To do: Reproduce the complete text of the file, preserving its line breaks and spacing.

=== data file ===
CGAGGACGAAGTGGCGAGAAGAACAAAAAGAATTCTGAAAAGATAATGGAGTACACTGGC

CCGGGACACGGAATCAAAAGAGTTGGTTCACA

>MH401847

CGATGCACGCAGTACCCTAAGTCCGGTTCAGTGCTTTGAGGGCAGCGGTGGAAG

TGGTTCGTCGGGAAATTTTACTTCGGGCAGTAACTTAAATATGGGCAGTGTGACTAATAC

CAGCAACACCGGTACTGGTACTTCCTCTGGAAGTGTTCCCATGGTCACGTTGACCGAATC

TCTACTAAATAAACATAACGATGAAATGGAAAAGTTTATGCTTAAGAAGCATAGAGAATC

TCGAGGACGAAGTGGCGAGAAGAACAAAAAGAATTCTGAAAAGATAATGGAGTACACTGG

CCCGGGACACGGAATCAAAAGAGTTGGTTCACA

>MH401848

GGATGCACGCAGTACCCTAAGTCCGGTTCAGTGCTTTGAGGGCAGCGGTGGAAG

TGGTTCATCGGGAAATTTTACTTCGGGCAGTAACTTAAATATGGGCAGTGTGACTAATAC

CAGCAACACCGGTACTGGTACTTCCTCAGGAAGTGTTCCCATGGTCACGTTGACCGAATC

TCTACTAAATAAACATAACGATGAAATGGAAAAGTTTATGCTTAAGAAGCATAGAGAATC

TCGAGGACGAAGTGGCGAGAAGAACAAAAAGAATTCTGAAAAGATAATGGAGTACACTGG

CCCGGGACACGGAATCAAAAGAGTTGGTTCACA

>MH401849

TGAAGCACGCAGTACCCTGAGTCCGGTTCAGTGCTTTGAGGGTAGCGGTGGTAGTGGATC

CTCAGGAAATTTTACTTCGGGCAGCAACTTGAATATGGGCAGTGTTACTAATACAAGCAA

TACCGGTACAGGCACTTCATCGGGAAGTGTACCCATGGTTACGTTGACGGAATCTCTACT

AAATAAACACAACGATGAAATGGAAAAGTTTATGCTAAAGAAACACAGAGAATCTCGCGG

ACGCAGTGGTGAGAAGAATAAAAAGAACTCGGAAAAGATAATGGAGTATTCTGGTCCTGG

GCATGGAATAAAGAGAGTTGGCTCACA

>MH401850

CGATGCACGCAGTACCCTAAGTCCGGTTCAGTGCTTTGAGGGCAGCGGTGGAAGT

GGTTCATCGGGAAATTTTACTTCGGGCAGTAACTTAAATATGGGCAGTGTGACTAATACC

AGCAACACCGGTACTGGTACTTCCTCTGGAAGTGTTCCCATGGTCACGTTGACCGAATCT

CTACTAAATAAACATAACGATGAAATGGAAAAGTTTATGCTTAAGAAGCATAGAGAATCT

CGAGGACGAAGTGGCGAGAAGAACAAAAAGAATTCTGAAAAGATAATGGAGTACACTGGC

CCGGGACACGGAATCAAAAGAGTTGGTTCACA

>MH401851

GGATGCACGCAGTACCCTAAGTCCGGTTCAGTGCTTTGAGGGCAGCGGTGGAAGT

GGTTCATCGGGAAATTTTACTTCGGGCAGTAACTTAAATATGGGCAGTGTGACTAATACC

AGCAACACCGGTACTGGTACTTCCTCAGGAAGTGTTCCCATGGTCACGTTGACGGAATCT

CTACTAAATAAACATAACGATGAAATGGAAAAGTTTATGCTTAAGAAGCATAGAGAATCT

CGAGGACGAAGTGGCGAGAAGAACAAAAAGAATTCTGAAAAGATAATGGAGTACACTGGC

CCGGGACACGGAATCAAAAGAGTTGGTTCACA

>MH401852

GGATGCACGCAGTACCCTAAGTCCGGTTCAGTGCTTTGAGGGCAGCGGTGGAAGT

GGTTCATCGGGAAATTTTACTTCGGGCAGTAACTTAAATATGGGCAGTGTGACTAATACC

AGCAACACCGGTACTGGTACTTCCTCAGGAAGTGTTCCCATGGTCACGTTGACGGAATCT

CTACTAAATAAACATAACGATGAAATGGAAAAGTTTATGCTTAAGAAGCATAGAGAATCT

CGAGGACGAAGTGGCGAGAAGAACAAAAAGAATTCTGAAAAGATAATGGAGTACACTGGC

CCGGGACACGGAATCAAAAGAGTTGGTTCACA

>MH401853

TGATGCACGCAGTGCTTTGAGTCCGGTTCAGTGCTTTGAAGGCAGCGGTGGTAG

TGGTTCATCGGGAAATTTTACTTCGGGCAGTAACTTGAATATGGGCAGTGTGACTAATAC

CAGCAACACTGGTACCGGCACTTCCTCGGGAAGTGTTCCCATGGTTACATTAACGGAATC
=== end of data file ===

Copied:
CGAGGACGAAGTGGCGAGAAGAACAAAAAGAATTCTGAAAAGATAATGGAGTACACTGGC

CCGGGACACGGAATCAAAAGAGTTGGTTCACA

>MH401847

CGATGCACGCAGTACCCTAAGTCCGGTTCAGTGCTTTGAGGGCAGCGGTGGAAG

TGGTTCGTCGGGAAATTTTACTTCGGGCAGTAACTTAAATATGGGCAGTGTGACTAATAC

CAGCAACACCGGTACTGGTACTTCCTCTGGAAGTGTTCCCATGGTCACGTTGACCGAATC

TCTACTAAATAAACATAACGATGAAATGGAAAAGTTTATGCTTAAGAAGCATAGAGAATC

TCGAGGACGAAGTGGCGAGAAGAACAAAAAGAATTCTGAAAAGATAATGGAGTACACTGG

CCCGGGACACGGAATCAAAAGAGTTGGTTCACA

>MH401848

GGATGCACGCAGTACCCTAAGTCCGGTTCAGTGCTTTGAGGGCAGCGGTGGAAG

TGGTTCATCGGGAAATTTTACTTCGGGCAGTAACTTAAATATGGGCAGTGTGACTAATAC

CAGCAACACCGGTACTGGTACTTCCTCAGGAAGTGTTCCCATGGTCACGTTGACCGAATC

TCTACTAAATAAACATAACGATGAAATGGAAAAGTTTATGCTTAAGAAGCATAGAGAATC

TCGAGGACGAAGTGGCGAGAAGAACAAAAAGAATTCTGAAAAGATAATGGAGTACACTGG

CCCGGGACACGGAATCAAAAGAGTTGGTTCACA

>MH401849

TGAAGCACGCAGTACCCTGAGTCCGGTTCAGTGCTTTGAGGGTAGCGGTGGTAGTGGATC

CTCAGGAAATTTTACTTCGGGCAGCAACTTGAATATGGGCAGTGTTACTAATACAAGCAA

TACCGGTACAGGCACTTCATCGGGAAGTGTACCCATGGTTACGTTGACGGAATCTCTACT

AAATAAACACAACGATGAAATGGAAAAGTTTATGCTAAAGAAACACAGAGAATCTCGCGG

ACGCAGTGGTGAGAAGAATAAAAAGAACTCGGAAAAGATAATGGAGTATTCTGGTCCTGG

GCATGGAATAAAGAGAGTTGGCTCACA

>MH401850

CGATGCACGCAGTACCCTAAGTCCGGTTCAGTGCTTTGAGGGCAGCGGTGGAAGT

GGTTCATCGGGAAATTTTACTTCGGGCAGTAACTTAAATATGGGCAGTGTGACTAATACC

AGCAACACCGGTACTGGTACTTCCTCTGGAAGTGTTCCCATGGTCACGTTGACCGAATCT

CTACTAAATAAACATAACGATGAAATGGAAAAGTTTATGCTTAAGAAGCATAGAGAATCT

CGAGGACGAAGTGGCGAGAAGAACAAAAAGAATTCTGAAAAGATAATGGAGTACACTGGC

CCGGGACACGGAATCAAAAGAGTTGGTTCACA

>MH401851

GGATGCACGCAGTACCCTAAGTCCGGTTCAGTGCTTTGAGGGCAGCGGTGGAAGT

GGTTCATCGGGAAATTTTACTTCGGGCAGTAACTTAAATATGGGCAGTGTGACTAATACC

AGCAACACCGGTACTGGTACTTCCTCAGGAAGTGTTCCCATGGTCACGTTGACGGAATCT

CTACTAAATAAACATAACGATGAAATGGAAAAGTTTATGCTTAAGAAGCATAGAGAATCT

CGAGGACGAAGTGGCGAGAAGAACAAAAAGAATTCTGAAAAGATAATGGAGTACACTGGC

CCGGGACACGGAATCAAAAGAGTTGGTTCACA

>MH401852

GGATGCACGCAGTACCCTAAGTCCGGTTCAGTGCTTTGAGGGCAGCGGTGGAAGT

GGTTCATCGGGAAATTTTACTTCGGGCAGTAACTTAAATATGGGCAGTGTGACTAATACC

AGCAACACCGGTACTGGTACTTCCTCAGGAAGTGTTCCCATGGTCACGTTGACGGAATCT

CTACTAAATAAACATAACGATGAAATGGAAAAGTTTATGCTTAAGAAGCATAGAGAATCT

CGAGGACGAAGTGGCGAGAAGAACAAAAAGAATTCTGAAAAGATAATGGAGTACACTGGC

CCGGGACACGGAATCAAAAGAGTTGGTTCACA

>MH401853

TGATGCACGCAGTGCTTTGAGTCCGGTTCAGTGCTTTGAAGGCAGCGGTGGTAG

TGGTTCATCGGGAAATTTTACTTCGGGCAGTAACTTGAATATGGGCAGTGTGACTAATAC

CAGCAACACTGGTACCGGCACTTCCTCGGGAAGTGTTCCCATGGTTACATTAACGGAATC